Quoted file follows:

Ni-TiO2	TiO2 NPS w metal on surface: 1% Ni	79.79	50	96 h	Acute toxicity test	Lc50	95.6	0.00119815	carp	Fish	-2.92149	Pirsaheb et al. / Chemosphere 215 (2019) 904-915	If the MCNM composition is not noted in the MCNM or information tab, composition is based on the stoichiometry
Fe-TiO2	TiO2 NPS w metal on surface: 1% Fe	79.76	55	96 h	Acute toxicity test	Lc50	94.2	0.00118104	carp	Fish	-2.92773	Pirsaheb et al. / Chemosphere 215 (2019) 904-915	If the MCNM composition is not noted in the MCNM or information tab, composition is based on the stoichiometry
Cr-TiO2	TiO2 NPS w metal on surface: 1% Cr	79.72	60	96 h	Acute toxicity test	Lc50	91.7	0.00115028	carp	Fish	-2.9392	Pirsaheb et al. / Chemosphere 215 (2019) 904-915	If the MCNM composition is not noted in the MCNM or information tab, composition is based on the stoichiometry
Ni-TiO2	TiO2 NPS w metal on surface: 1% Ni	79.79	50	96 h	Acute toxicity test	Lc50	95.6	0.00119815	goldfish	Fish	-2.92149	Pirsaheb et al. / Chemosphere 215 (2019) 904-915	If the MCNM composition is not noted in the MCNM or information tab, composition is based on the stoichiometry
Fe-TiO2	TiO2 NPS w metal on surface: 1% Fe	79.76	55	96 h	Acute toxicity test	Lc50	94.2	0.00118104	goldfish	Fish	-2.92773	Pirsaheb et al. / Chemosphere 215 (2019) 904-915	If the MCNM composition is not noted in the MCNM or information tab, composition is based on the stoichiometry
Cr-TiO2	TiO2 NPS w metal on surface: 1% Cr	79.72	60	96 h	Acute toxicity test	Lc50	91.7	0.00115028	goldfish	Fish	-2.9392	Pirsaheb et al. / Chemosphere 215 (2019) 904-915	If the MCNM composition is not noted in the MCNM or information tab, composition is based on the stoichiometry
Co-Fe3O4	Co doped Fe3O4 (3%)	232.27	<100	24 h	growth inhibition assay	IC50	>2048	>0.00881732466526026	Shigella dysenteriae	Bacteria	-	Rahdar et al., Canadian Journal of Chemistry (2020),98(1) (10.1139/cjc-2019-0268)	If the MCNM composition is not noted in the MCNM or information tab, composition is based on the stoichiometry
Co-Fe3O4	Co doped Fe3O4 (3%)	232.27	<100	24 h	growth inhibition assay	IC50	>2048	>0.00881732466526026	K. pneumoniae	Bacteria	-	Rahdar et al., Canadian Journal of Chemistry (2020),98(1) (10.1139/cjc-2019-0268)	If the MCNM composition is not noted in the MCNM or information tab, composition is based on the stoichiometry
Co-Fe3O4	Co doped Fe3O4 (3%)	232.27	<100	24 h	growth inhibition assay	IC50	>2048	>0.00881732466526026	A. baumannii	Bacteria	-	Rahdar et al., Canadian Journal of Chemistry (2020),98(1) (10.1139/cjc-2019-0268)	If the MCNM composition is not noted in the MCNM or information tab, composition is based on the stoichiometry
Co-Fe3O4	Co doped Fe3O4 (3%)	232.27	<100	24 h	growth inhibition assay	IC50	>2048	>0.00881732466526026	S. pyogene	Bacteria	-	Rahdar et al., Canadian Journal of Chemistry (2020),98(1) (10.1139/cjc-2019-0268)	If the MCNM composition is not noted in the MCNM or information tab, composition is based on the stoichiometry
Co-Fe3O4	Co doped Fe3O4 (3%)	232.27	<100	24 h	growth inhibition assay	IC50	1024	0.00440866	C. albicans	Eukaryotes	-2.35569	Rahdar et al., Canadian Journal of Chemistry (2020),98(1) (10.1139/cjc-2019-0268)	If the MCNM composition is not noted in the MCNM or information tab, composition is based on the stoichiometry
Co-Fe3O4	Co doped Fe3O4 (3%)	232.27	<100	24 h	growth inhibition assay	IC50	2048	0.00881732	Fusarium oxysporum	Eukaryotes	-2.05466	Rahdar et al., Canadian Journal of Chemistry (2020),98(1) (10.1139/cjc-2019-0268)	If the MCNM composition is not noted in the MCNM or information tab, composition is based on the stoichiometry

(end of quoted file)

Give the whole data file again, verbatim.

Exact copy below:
Ni-TiO2	TiO2 NPS w metal on surface: 1% Ni	79.79	50	96 h	Acute toxicity test	Lc50	95.6	0.00119815	carp	Fish	-2.92149	Pirsaheb et al. / Chemosphere 215 (2019) 904-915	If the MCNM composition is not noted in the MCNM or information tab, composition is based on the stoichiometry
Fe-TiO2	TiO2 NPS w metal on surface: 1% Fe	79.76	55	96 h	Acute toxicity test	Lc50	94.2	0.00118104	carp	Fish	-2.92773	Pirsaheb et al. / Chemosphere 215 (2019) 904-915	If the MCNM composition is not noted in the MCNM or information tab, composition is based on the stoichiometry
Cr-TiO2	TiO2 NPS w metal on surface: 1% Cr	79.72	60	96 h	Acute toxicity test	Lc50	91.7	0.00115028	carp	Fish	-2.9392	Pirsaheb et al. / Chemosphere 215 (2019) 904-915	If the MCNM composition is not noted in the MCNM or information tab, composition is based on the stoichiometry
Ni-TiO2	TiO2 NPS w metal on surface: 1% Ni	79.79	50	96 h	Acute toxicity test	Lc50	95.6	0.00119815	goldfish	Fish	-2.92149	Pirsaheb et al. / Chemosphere 215 (2019) 904-915	If the MCNM composition is not noted in the MCNM or information tab, composition is based on the stoichiometry
Fe-TiO2	TiO2 NPS w metal on surface: 1% Fe	79.76	55	96 h	Acute toxicity test	Lc50	94.2	0.00118104	goldfish	Fish	-2.92773	Pirsaheb et al. / Chemosphere 215 (2019) 904-915	If the MCNM composition is not noted in the MCNM or information tab, composition is based on the stoichiometry
Cr-TiO2	TiO2 NPS w metal on surface: 1% Cr	79.72	60	96 h	Acute toxicity test	Lc50	91.7	0.00115028	goldfish	Fish	-2.9392	Pirsaheb et al. / Chemosphere 215 (2019) 904-915	If the MCNM composition is not noted in the MCNM or information tab, composition is based on the stoichiometry
Co-Fe3O4	Co doped Fe3O4 (3%)	232.27	<100	24 h	growth inhibition assay	IC50	>2048	>0.00881732466526026	Shigella dysenteriae	Bacteria	-	Rahdar et al., Canadian Journal of Chemistry (2020),98(1) (10.1139/cjc-2019-0268)	If the MCNM composition is not noted in the MCNM or information tab, composition is based on the stoichiometry
Co-Fe3O4	Co doped Fe3O4 (3%)	232.27	<100	24 h	growth inhibition assay	IC50	>2048	>0.00881732466526026	K. pneumoniae	Bacteria	-	Rahdar et al., Canadian Journal of Chemistry (2020),98(1) (10.1139/cjc-2019-0268)	If the MCNM composition is not noted in the MCNM or information tab, composition is based on the stoichiometry
Co-Fe3O4	Co doped Fe3O4 (3%)	232.27	<100	24 h	growth inhibition assay	IC50	>2048	>0.00881732466526026	A. baumannii	Bacteria	-	Rahdar et al., Canadian Journal of Chemistry (2020),98(1) (10.1139/cjc-2019-0268)	If the MCNM composition is not noted in the MCNM or information tab, composition is based on the stoichiometry
Co-Fe3O4	Co doped Fe3O4 (3%)	232.27	<100	24 h	growth inhibition assay	IC50	>2048	>0.00881732466526026	S. pyogene	Bacteria	-	Rahdar et al., Canadian Journal of Chemistry (2020),98(1) (10.1139/cjc-2019-0268)	If the MCNM composition is not noted in the MCNM or information tab, composition is based on the stoichiometry
Co-Fe3O4	Co doped Fe3O4 (3%)	232.27	<100	24 h	growth inhibition assay	IC50	1024	0.00440866	C. albicans	Eukaryotes	-2.35569	Rahdar et al., Canadian Journal of Chemistry (2020),98(1) (10.1139/cjc-2019-0268)	If the MCNM composition is not noted in the MCNM or information tab, composition is based on the stoichiometry
Co-Fe3O4	Co doped Fe3O4 (3%)	232.27	<100	24 h	growth inhibition assay	IC50	2048	0.00881732	Fusarium oxysporum	Eukaryotes	-2.05466	Rahdar et al., Canadian Journal of Chemistry (2020),98(1) (10.1139/cjc-2019-0268)	If the MCNM composition is not noted in the MCNM or information tab, composition is based on the stoichiometry